Anderson from seeing them at work. Foley `entertained' him by exhibiting his bloodied sword. When Anderson asked him if any of the blacks had made their escape from the massacre site, he said, none that he saw and that they were all killed except one woman. Davy again crept behind a tree and saw them drag great logs down to the site. Once the fire was lit they returned to the hut and after a while Fleming ordered Kilmeister to go back to the site and `put the logs together, and to be sure that all was consumed'. Kilmeister remained there all day trying to burn the rotting flesh. When he returned to the hut he told Anderson that he had been trying to catch his horse. Early next morning, Wednesday 13 June, the killers took Billy as hostage. They threatened to kill him unless he showed them a quick way over the ranges to Bryon Plains, promising two Kwiambal women for his efforts. They then galloped off, leaving behind a broken sword. The Kwiambal had arrived at Byron Plains the previous afternoon and had told Eaton that `soldiers' had massacred their people. On Wednesday morning they heard horsemen in the bush and Eaton, alone and powerless against so many, directed them to hide in the ranges. But the killers, including Kilmeister, went after them and shot a little boy and up to twelve others and recaptured some of the women. Afterwards Eaton helped King Sandy to bury the little boy, probably the child that Anderson had saved a few days before. On Thursday the party dispersed, well satisfied with their work. But they kept their word with Billy, sending him back to Myall Creek with two Kwiambal women. Hobbs returns to Myall Creek Late the previous day, returning from Ponds Creek, Hobbs called first at Keriengobeldie and then Tainoga and heard from Mace and Foster and others about the massacre. That evening he and Foster as the only two free overseers in the region, discussed what would be `the best method of making the circumstances known to the authorities'. Early Thursday morning, Hobbs rode back to Myall Creek and immediately questioned Anderson who reluctantly told him all he knew. But he was too frightened to divulge any names. A few minutes later Kilmeister galloped in, but said nothing. Davy however, lost no time in taking Hobbs to the scene of the crime, about half a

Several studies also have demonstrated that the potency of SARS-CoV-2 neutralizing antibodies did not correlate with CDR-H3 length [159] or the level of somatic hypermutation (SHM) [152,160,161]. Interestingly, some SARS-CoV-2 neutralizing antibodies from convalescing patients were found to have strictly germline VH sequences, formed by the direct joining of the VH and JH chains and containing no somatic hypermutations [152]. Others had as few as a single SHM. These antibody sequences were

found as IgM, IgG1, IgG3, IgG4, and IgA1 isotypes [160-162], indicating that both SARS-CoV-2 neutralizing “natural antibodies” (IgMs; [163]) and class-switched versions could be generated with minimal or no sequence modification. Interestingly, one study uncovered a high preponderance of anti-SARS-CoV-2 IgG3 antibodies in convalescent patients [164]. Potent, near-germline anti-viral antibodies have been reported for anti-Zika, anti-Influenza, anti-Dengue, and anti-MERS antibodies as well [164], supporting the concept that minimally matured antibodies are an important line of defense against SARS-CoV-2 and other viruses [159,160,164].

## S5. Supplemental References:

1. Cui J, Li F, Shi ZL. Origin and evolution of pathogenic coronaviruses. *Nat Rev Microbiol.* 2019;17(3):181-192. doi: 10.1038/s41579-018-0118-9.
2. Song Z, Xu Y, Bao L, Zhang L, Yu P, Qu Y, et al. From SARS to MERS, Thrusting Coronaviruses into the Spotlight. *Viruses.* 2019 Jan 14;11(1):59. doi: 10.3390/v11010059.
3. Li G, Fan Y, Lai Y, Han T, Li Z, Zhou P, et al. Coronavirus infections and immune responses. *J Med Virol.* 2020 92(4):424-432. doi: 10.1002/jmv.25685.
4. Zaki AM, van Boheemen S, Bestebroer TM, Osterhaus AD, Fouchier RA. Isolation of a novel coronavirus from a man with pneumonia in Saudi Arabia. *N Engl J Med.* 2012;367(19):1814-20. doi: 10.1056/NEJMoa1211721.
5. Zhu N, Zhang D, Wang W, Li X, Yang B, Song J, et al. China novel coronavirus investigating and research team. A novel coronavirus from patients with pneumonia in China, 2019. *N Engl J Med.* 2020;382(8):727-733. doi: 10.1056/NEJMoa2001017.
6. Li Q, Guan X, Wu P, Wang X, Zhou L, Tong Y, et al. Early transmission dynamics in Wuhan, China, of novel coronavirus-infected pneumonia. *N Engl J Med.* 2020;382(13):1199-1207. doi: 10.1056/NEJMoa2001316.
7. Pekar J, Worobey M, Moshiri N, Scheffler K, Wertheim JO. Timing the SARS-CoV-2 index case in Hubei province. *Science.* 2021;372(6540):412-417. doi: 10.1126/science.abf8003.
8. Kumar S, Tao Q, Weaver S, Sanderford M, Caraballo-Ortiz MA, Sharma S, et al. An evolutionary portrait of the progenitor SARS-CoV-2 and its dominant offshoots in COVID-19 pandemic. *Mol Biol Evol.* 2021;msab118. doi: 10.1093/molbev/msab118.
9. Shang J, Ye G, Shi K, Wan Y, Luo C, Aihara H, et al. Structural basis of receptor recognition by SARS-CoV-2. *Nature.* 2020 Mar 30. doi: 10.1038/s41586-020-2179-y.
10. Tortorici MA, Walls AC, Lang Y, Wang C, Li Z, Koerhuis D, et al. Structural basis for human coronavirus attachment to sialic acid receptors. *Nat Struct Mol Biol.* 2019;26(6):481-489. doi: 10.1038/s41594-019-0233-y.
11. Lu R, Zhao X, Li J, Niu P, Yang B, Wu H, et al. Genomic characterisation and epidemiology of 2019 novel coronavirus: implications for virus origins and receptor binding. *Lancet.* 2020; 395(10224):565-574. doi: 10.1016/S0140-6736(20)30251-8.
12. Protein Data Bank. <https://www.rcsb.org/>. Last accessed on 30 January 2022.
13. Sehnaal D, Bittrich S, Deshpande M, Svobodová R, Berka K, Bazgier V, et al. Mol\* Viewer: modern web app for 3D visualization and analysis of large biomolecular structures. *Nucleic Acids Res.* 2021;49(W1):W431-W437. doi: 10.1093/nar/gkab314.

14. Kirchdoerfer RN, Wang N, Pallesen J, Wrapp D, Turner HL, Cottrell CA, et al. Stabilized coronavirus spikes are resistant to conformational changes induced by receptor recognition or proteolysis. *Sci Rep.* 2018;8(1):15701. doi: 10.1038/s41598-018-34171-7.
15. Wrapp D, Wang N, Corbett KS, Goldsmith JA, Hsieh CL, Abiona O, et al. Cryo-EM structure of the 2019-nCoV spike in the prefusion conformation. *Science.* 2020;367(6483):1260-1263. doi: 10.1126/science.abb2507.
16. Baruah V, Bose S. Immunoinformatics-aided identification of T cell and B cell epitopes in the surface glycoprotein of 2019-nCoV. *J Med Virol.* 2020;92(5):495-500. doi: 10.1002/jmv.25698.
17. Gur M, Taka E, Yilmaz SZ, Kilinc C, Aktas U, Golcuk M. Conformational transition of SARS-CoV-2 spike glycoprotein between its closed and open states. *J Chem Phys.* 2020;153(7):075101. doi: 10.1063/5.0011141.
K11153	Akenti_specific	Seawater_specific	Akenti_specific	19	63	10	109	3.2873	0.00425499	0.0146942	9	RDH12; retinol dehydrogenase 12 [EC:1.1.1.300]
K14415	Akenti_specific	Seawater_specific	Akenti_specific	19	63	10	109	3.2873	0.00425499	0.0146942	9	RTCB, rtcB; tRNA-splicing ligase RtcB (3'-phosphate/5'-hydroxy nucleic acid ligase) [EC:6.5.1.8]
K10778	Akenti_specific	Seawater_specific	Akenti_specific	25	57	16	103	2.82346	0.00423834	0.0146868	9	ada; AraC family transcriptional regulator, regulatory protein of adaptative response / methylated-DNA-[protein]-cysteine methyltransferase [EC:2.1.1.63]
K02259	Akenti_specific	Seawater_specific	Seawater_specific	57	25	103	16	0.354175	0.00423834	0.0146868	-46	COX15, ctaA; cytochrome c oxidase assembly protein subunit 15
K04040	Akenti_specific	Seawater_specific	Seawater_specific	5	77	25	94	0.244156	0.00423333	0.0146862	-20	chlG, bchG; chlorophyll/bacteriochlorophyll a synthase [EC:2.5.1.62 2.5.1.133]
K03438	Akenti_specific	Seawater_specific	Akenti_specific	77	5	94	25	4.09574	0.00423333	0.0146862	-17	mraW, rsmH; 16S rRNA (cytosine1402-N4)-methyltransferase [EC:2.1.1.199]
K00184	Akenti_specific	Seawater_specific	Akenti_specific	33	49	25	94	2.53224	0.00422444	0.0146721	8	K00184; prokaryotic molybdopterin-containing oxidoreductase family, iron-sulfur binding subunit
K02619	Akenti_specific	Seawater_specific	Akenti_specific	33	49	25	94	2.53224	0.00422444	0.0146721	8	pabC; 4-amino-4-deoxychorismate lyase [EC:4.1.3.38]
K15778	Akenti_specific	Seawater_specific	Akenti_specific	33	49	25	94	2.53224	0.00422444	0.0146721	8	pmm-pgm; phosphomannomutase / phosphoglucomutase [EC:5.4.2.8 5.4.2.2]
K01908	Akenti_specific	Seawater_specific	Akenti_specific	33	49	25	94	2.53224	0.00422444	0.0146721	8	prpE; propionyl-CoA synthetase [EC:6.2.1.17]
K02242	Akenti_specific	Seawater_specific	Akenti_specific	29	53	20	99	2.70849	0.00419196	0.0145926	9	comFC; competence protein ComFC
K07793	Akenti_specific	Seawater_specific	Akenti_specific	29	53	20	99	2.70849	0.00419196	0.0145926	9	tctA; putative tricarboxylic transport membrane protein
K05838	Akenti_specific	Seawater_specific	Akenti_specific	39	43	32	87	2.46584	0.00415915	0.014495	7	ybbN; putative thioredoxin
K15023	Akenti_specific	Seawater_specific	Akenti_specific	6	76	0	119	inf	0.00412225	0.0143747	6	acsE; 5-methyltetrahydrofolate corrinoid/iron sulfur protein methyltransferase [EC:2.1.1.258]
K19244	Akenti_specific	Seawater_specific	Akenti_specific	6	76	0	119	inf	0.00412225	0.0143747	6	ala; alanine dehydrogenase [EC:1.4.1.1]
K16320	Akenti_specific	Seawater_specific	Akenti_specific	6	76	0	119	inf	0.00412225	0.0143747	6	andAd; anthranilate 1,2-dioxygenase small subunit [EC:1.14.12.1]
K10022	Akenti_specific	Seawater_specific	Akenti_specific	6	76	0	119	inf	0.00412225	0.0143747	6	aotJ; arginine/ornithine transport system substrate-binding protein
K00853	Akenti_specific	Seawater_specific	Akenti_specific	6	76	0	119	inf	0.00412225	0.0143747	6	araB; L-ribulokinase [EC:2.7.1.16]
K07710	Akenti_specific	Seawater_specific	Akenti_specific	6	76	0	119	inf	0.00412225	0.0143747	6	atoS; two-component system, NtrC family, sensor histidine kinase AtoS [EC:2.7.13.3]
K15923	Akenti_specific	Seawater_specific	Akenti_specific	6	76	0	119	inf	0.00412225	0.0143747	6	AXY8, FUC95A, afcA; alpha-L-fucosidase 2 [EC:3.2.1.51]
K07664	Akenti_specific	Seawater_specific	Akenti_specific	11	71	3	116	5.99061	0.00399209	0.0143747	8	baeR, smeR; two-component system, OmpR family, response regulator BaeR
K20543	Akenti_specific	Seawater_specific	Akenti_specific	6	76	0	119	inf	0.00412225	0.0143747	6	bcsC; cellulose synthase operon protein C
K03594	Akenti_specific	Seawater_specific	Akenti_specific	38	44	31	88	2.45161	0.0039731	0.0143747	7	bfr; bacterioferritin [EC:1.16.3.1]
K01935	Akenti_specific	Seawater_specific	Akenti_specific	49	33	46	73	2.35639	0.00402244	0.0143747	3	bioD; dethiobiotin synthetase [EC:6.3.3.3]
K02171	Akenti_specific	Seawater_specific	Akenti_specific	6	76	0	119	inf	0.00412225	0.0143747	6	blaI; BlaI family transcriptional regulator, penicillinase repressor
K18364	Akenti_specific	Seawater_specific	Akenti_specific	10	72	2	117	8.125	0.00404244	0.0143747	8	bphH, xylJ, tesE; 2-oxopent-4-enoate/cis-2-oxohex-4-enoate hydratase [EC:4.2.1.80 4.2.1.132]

mile west of his hut. They had no difficulty following the tracks left in the mud by the naked feet of the Kwiambal in the middle and the traces of the horsemen on each side, but there were no traces of Aborigines returning from the site. Arriving at the spot, Hobbs was visibly shaken by the sight and stench of mangled and half-burnt bodies which had already been disturbed by native dogs, with hawks and eagles and other birds of prey circling overhead. Fighting waves of nausea, he saw `a great number of bodies and among that of a very large black whom I am satisfied in my own mind I had left at the Station when I went away he used to be called "Daddy" and was the Doctor of the tribe'. He tried several times to count the decapitated bodies and heads and eventually decided that there were ten or twelve children and that in all twenty eight Kwiambal had been killed. Hobbs then questioned Kilmeister who repeated Anderson's story almost word for word and said that he had nothing to do with the killings. He admitted that he had been seen at Tainoga the following morning with the rest of the killers, but claimed that he was searching for stray cattle. At first Hobbs believed him, knowing his attachment to the Kwiambal, but he soon realised that Kilmeister had joined the killers. Later that day, Foster arrived at Myall Creek and early Friday morning he and Hobbs `tracked the Blacks and Horses towards the spot and saw some blood along the way'. Arriving at the spot, Foster `beheld the body and head of a black man from which the legs had been burned off and the arms also I think'. He also `saw a head the body having evidently been destroyed by fire' and `the remains of a large fire in the midst of which were two or three skulls but so much destroyed by fire that I could not ascertain whether they belonged to Men or Women. From the appearance about I concluded a large number of blacks had been destroyed.' Both men agreed that the massacre was `a very bad business' and that it must be reported to the authorities. Hobbs prepared a letter to Dangar, but neither overseer dared leave their stations, fearing that the killers would return. A few days later they must have met Frederick Foote, a settler who held a pastoral lease on the track to Barraba and he must have agreed to deliver Hobbs' letter to Dangar for we know that he agreed to `call on the police magistrate at Invermein [now Scone 240 kilometres to the south] and state the case to him.'